• Brian Whelan, LCSW, CST, CMT, SEP says:

      I am not critical of psychotherapy. I am a psychotherapist, massage therapist, biofeedback therapist and somatic trauma therapist. I specialize i working with PTSD and anxiety disorders. The above mentioned breathing techniques have the potential to cause panic, anxiety, activation of the HPA axis,etc by inducing hypocapnia. I am not critical of psychotherapy, I however do not want psychotherapists to apply breathing techniques without understanding the basics of respiratory physiology and acid base balance. Even if I was in the field of pulmonology and I recognized that a psychotherapist was inducing a state of hypocapnia via their techniques, my critique would still be relevant, as inducing hypocapnia is not a good thing no matter what your professional orientation.

  3. Brian Whelan, LCSW, CST, CMT, SEP says:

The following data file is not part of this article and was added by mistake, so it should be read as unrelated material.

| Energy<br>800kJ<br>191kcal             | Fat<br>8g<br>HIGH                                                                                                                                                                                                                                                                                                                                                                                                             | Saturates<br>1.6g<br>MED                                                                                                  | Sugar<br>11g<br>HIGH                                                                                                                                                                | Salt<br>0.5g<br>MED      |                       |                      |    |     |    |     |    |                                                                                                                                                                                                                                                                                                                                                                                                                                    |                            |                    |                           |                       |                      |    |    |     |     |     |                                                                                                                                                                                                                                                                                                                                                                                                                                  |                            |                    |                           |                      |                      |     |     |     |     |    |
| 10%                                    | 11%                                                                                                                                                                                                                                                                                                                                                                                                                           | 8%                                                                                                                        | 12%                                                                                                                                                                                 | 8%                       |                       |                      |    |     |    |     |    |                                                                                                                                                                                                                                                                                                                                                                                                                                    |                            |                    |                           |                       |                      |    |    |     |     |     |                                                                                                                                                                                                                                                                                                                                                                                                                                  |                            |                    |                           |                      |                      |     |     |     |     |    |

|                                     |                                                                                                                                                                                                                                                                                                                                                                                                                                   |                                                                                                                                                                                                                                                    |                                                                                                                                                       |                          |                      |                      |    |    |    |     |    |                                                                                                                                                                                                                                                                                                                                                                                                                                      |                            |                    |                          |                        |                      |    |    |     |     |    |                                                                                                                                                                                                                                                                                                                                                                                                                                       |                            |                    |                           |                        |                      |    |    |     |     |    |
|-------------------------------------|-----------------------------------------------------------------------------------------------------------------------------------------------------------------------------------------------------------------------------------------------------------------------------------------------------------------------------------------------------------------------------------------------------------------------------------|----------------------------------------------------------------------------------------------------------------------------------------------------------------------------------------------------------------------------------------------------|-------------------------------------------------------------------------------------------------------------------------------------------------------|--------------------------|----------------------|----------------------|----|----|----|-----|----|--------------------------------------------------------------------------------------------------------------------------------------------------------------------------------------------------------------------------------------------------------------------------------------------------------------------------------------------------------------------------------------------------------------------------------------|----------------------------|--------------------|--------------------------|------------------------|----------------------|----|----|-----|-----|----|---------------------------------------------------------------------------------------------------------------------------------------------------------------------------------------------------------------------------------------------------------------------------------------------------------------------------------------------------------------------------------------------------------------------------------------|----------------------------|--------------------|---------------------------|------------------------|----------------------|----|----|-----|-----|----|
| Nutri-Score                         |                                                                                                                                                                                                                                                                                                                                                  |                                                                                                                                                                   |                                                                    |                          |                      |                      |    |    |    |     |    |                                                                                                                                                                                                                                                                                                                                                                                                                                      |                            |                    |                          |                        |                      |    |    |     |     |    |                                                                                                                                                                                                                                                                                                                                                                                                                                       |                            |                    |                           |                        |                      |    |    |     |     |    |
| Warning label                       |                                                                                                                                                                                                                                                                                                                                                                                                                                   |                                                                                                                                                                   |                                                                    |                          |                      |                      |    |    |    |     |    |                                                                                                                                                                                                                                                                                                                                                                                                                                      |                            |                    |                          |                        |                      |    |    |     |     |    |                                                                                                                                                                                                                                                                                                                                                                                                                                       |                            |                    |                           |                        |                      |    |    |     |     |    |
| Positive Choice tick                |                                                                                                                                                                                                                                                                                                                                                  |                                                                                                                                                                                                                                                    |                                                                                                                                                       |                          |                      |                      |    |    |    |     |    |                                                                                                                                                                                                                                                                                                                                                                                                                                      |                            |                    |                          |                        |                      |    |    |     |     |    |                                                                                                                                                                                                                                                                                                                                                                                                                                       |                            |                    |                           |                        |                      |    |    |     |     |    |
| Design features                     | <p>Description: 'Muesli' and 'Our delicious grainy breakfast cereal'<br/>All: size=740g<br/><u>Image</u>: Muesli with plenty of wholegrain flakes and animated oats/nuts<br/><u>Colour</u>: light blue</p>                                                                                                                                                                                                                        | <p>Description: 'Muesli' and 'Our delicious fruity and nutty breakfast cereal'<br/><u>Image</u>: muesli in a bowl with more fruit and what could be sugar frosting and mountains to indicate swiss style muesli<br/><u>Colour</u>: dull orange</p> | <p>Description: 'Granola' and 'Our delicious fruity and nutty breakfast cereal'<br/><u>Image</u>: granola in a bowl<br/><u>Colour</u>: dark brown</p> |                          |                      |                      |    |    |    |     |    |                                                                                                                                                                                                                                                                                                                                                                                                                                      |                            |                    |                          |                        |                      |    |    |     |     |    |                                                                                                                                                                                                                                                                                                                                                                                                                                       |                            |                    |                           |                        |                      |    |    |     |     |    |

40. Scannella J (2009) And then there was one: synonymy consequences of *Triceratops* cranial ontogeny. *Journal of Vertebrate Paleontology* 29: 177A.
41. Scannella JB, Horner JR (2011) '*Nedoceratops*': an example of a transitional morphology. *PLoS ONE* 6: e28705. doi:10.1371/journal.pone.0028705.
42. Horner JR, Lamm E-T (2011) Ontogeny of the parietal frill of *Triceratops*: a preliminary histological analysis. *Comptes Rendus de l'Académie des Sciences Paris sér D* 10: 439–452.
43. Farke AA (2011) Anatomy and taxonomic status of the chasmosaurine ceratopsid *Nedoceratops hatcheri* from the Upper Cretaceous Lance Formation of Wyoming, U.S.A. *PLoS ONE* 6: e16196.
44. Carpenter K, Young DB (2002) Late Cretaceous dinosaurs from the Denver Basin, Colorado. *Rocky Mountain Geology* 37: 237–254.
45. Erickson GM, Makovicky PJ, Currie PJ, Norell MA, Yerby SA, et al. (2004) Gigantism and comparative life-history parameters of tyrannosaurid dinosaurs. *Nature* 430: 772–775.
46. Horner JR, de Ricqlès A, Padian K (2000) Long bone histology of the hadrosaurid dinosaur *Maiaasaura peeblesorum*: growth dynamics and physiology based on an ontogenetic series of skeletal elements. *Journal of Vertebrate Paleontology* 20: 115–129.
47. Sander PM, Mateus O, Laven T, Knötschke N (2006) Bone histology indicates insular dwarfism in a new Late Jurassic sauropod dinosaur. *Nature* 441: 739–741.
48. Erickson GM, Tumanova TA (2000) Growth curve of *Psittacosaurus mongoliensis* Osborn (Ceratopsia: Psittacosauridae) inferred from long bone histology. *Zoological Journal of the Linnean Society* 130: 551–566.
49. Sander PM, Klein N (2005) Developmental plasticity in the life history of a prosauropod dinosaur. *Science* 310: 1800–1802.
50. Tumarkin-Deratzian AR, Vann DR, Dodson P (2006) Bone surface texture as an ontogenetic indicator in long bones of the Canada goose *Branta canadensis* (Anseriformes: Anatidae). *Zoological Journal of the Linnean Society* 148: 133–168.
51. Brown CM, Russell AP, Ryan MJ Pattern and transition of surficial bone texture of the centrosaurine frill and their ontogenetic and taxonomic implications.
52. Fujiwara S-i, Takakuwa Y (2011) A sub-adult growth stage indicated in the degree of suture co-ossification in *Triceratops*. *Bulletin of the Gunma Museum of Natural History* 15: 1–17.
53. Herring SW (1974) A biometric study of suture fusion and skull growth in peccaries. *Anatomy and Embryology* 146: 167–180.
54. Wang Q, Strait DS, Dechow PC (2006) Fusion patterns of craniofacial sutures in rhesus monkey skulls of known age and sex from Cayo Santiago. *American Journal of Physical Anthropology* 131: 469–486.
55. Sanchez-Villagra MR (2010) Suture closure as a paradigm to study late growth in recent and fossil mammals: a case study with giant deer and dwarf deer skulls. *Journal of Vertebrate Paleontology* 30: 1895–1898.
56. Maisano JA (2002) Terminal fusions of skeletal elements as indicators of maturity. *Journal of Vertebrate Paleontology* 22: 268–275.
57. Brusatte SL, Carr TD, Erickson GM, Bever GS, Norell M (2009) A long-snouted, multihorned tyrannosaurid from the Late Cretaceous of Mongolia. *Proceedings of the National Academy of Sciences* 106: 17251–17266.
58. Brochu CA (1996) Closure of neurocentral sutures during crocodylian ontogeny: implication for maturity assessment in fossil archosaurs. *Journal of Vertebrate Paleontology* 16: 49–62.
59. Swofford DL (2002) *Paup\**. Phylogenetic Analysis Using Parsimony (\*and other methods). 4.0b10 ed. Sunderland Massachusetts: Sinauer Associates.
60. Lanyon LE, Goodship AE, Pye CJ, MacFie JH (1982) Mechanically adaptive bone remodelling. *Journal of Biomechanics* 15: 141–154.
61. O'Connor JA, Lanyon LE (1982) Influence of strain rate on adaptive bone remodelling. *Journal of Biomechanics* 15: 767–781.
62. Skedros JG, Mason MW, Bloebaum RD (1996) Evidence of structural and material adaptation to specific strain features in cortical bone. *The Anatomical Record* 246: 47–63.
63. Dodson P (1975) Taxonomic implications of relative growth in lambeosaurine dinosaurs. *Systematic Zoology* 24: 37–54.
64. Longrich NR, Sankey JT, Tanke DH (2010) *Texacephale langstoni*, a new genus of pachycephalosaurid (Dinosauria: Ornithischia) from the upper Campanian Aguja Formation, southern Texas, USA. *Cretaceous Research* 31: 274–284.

I will elaborate on my concern with what I see as a widespread misunderstanding of the role of breathing for relaxation purposes. The purpose of breathing is not “relaxation” but support of proper cellular function and respiration. It is the brainstem which primarily detects levels of CO2 and O2 in the blood. When metabolic activity increases, more O2 and glucose is converted to ATP which produces a biproduct of CO2. CO2 is the primary factor involved in inducing respiratory drive which is controlled by the brainstem and diaphragm reflex. The rate and depth of breathing is supposed to be based upon CO2 concentrations and varies minutely from one breath to another based upon these CO2 levels. Additionally, inhalation is primarily sympathetically mediated and the exhale is parasympathetically mediated. When you accentuate the in breath, as he does in the video, you are activating the sympathetic nervous system. Additionally, when you rapidly inhale, you are sucking a large volume of air into the lungs. Hyperventilation or overbreathing is cause by overventilating above what metabolic demands require. Overventilation can occur through short, shallow rapid breathing or by deep inhales. Overventilation is achieved by moving more volume or air per minute that exceeds metabolic demands, and this can be achieved through shallow rapid breaths or deep slow breaths. What matters is have you breathed off too much CO2 and interfered with the ability of the hemoglobin to release O2 to the cells that need it. Overventialation results in vasoconstriction, reduced oxygen delivery to all parts of the brain and body, and activation of the HPA axis and centers that register life threat (i.e. not getting enough O2). In psychotherapy we are wanting to keep a clients prefrontal cortex on line and inducing a hypocapnic state takes these centers offline. Often clients experience relief from overbreathing because it induces a dissociative state caused by depriving the brain and body of O2. If one has uncomfortable emotions of sadness, anger or past trauma, overbreathing can effectively thwart the successful integration and processing of these emotions. This is a relief to some clients, but it delays their symptoms ultimate resolution. If you can hook your clients up to both a capnometer and O2 sensor I think you will find that many (not all) individuals would be dysregulated ( i.e. lower their CO2 to a hypocapnic state) by the implementation of the first breathing technique that was described. I would be glad to put you in touch with Peter Litchfield, PhD or Bob Whitehouse, PhD if you wanted to rent a capnometer to discover what I am saying for yourself. Warmly, Brian